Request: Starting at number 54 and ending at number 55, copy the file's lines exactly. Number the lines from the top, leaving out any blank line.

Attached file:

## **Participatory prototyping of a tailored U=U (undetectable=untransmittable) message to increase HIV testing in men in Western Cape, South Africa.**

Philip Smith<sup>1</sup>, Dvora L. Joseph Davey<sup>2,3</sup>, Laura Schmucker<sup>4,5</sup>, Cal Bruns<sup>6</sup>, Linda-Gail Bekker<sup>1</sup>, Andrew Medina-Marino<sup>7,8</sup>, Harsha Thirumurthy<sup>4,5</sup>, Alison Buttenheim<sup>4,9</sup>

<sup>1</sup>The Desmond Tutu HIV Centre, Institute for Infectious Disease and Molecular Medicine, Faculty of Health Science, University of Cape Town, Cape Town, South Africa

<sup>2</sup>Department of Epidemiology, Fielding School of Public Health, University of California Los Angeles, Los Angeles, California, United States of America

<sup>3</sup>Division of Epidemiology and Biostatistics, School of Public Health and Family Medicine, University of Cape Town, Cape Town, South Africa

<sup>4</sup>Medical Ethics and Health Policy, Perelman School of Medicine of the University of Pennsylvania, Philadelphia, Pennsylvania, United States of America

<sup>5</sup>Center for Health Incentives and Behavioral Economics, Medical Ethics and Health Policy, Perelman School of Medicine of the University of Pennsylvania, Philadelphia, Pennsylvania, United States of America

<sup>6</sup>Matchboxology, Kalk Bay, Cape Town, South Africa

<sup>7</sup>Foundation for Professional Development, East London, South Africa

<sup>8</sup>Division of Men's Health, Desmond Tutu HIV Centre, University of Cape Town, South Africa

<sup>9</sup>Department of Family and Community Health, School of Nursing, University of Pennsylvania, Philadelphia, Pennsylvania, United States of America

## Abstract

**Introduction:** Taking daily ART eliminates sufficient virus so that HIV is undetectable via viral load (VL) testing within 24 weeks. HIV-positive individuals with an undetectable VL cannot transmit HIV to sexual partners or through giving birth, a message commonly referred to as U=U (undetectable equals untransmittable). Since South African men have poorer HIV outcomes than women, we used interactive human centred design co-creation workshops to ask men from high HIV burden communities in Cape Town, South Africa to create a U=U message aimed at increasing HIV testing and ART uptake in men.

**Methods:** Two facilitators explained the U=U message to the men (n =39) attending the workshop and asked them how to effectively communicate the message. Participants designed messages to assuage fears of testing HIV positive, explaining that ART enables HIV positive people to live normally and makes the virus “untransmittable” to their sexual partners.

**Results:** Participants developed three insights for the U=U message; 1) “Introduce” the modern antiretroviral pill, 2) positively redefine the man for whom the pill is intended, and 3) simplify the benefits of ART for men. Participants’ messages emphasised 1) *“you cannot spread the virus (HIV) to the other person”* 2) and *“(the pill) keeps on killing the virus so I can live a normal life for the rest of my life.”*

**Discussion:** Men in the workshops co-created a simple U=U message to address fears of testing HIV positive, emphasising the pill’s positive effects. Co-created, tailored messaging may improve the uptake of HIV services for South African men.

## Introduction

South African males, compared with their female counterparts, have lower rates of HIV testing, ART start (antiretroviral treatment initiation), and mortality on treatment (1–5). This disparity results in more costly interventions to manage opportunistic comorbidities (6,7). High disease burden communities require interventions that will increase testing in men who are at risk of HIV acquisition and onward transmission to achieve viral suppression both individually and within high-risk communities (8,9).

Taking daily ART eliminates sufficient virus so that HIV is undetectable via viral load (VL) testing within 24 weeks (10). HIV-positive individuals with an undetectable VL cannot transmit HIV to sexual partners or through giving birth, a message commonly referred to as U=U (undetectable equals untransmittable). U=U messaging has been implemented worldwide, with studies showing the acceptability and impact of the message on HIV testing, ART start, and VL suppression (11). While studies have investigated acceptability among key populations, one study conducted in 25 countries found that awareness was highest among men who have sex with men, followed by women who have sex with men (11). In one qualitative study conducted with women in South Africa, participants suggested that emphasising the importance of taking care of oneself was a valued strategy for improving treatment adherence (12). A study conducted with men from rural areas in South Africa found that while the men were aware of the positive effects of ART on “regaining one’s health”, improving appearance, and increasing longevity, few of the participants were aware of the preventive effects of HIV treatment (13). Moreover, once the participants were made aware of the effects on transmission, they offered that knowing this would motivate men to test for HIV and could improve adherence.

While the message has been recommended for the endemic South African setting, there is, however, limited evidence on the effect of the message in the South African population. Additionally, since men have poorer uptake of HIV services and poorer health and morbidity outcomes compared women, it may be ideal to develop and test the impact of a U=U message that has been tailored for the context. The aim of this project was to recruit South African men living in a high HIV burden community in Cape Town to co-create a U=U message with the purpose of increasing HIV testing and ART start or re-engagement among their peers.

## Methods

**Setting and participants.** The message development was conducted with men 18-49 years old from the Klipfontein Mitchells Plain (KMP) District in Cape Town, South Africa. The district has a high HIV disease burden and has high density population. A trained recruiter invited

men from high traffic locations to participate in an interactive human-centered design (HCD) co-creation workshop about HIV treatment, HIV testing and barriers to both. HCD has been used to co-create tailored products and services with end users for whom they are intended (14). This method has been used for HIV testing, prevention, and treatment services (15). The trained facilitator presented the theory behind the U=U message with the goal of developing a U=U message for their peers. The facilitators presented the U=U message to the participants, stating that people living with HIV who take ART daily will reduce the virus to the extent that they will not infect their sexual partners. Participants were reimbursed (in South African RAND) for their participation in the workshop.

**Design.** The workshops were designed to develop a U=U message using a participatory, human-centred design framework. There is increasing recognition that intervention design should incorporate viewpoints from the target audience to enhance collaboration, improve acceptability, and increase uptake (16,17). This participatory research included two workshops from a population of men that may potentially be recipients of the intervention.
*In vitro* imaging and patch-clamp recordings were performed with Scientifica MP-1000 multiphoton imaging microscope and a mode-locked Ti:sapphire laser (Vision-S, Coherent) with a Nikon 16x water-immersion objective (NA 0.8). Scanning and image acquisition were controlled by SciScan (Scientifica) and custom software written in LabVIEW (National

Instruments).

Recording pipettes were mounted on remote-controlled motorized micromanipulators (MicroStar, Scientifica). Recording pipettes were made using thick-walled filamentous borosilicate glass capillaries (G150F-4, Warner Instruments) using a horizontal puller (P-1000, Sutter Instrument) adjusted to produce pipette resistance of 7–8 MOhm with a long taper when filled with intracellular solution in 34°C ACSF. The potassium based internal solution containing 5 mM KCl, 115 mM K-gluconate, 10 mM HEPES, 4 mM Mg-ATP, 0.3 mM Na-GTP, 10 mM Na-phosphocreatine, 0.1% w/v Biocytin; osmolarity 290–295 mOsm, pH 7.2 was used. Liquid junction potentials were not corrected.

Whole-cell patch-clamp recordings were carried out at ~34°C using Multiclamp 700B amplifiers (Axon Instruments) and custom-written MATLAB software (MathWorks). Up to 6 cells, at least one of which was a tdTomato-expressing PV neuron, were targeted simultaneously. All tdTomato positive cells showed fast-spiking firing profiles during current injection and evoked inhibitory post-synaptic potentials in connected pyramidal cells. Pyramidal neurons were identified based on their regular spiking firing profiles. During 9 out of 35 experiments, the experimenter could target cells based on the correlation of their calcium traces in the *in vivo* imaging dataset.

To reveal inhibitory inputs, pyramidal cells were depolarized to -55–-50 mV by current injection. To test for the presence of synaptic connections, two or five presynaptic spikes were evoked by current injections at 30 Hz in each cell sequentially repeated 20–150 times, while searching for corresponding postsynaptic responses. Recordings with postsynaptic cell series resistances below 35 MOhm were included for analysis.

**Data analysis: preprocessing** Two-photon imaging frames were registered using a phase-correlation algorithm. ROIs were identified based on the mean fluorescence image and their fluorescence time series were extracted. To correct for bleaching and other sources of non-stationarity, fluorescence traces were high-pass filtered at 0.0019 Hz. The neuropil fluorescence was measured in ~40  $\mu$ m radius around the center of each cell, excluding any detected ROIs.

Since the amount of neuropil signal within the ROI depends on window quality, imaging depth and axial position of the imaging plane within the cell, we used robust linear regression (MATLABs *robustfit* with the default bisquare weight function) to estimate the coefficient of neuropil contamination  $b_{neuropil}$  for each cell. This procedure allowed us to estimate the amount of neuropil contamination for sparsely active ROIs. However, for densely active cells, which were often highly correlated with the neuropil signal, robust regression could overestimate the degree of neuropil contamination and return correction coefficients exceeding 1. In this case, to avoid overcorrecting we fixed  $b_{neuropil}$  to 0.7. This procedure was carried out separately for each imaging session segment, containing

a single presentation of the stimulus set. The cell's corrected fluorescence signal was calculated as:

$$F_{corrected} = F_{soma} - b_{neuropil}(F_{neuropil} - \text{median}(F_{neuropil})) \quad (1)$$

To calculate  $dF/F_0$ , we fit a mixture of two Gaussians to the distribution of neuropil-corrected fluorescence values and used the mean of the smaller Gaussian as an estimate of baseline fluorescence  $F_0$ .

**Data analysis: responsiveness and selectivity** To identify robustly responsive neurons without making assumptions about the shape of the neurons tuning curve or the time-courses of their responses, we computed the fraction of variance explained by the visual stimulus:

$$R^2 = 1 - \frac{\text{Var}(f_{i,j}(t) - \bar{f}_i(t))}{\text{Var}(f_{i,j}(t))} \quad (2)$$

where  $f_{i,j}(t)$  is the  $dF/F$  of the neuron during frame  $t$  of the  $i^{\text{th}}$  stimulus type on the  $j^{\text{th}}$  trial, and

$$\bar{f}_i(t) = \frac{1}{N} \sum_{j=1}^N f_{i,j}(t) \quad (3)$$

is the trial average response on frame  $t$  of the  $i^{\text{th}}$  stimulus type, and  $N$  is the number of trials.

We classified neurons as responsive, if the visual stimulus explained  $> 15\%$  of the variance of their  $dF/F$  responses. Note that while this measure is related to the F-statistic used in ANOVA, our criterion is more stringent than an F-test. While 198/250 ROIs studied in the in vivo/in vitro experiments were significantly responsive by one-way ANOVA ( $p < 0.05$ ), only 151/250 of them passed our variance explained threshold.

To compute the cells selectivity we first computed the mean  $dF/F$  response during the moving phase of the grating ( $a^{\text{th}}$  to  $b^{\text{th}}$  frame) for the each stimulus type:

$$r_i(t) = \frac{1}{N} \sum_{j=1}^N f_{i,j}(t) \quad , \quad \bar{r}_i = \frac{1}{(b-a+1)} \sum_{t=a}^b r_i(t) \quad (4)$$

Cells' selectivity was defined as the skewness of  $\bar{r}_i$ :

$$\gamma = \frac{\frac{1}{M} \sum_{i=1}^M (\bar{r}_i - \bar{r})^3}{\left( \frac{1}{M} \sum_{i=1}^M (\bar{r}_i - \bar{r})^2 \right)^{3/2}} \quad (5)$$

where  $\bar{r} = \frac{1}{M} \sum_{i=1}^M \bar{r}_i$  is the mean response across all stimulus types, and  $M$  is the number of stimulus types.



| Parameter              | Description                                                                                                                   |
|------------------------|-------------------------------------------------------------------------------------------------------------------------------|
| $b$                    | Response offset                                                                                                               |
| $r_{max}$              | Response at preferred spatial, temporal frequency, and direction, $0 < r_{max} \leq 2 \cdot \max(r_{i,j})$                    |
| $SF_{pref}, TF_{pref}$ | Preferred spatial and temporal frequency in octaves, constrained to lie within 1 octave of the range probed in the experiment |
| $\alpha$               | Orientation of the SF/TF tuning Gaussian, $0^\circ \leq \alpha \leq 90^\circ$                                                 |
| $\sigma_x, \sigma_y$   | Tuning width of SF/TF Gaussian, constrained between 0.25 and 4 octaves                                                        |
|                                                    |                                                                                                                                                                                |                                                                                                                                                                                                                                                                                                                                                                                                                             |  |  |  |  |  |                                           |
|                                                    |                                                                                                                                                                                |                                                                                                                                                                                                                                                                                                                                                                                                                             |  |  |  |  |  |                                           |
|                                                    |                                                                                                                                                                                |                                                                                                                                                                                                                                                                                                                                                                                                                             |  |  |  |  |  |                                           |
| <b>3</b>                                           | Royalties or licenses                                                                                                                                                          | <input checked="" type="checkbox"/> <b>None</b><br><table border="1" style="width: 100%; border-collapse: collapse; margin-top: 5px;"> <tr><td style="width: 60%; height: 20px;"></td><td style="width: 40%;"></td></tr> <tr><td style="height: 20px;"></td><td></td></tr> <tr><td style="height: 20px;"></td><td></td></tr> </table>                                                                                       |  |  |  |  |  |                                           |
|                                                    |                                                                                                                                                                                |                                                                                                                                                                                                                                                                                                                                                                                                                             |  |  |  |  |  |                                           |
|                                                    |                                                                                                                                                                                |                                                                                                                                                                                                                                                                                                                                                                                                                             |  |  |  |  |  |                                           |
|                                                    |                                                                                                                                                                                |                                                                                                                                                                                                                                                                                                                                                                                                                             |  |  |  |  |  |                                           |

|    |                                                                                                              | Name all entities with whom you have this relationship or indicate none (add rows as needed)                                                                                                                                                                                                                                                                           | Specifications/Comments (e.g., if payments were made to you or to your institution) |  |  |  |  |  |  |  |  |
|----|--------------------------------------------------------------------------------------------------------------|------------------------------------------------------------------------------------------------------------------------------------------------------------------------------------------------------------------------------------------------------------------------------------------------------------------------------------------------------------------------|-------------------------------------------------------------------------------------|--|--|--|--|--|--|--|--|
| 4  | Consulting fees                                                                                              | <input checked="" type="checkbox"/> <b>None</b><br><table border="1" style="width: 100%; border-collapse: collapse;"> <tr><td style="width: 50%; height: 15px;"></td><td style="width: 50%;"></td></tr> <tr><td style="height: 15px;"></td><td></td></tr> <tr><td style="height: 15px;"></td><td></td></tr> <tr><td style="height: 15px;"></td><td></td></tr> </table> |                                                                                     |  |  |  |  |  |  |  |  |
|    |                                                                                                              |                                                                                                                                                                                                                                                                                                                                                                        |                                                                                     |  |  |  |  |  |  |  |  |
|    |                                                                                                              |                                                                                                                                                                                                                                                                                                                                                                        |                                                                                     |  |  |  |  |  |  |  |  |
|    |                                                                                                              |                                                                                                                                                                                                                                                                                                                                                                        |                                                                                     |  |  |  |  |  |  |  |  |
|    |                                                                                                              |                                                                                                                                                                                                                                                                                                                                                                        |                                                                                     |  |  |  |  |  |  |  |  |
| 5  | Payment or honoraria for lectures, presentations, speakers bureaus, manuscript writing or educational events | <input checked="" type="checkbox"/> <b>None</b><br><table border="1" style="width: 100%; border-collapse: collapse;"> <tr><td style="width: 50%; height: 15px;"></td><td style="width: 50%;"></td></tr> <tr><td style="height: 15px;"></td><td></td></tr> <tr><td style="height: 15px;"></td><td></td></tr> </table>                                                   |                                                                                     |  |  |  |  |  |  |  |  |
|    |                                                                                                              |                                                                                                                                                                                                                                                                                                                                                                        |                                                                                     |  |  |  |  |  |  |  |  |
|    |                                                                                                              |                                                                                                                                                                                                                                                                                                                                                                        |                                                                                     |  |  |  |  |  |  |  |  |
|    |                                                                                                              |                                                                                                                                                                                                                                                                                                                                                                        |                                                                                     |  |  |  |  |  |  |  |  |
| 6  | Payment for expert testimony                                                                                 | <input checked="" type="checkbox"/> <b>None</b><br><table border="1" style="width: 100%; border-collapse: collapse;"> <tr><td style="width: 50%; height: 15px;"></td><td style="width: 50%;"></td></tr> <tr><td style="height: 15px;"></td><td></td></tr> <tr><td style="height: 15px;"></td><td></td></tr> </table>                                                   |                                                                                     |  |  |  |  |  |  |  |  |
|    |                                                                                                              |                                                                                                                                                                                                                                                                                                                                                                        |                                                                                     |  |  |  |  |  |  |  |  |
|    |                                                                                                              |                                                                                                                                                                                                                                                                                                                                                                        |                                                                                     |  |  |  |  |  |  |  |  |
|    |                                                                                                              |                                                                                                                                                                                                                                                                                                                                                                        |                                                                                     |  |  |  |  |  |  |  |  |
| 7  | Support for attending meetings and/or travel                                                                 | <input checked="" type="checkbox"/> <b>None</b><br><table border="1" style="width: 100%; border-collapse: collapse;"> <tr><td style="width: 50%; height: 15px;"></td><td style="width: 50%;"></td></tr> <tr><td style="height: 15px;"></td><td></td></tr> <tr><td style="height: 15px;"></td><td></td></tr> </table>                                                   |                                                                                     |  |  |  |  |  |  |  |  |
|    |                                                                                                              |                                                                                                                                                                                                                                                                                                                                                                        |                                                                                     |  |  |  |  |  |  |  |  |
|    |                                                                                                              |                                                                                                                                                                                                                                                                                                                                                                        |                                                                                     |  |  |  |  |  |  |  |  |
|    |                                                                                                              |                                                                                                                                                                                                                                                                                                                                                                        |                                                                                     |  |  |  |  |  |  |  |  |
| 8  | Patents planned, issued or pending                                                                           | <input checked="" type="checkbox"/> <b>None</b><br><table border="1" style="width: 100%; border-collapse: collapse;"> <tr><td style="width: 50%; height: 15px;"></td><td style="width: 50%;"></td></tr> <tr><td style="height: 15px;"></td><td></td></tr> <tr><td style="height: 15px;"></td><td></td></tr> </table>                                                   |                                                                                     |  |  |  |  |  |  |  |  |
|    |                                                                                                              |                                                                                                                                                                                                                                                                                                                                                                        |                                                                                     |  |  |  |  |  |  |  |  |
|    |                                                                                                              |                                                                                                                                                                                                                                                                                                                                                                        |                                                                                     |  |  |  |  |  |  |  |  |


|                                                    |                                                                                                                                                                                |                                                                                                                                                                                                                                                                                                                                                                                                                             |  |  |  |  |  |                                           |
|                                                    |                                                                                                                                                                                |                                                                                                                                                                                                                                                                                                                                                                                                                             |  |  |  |  |  |                                           |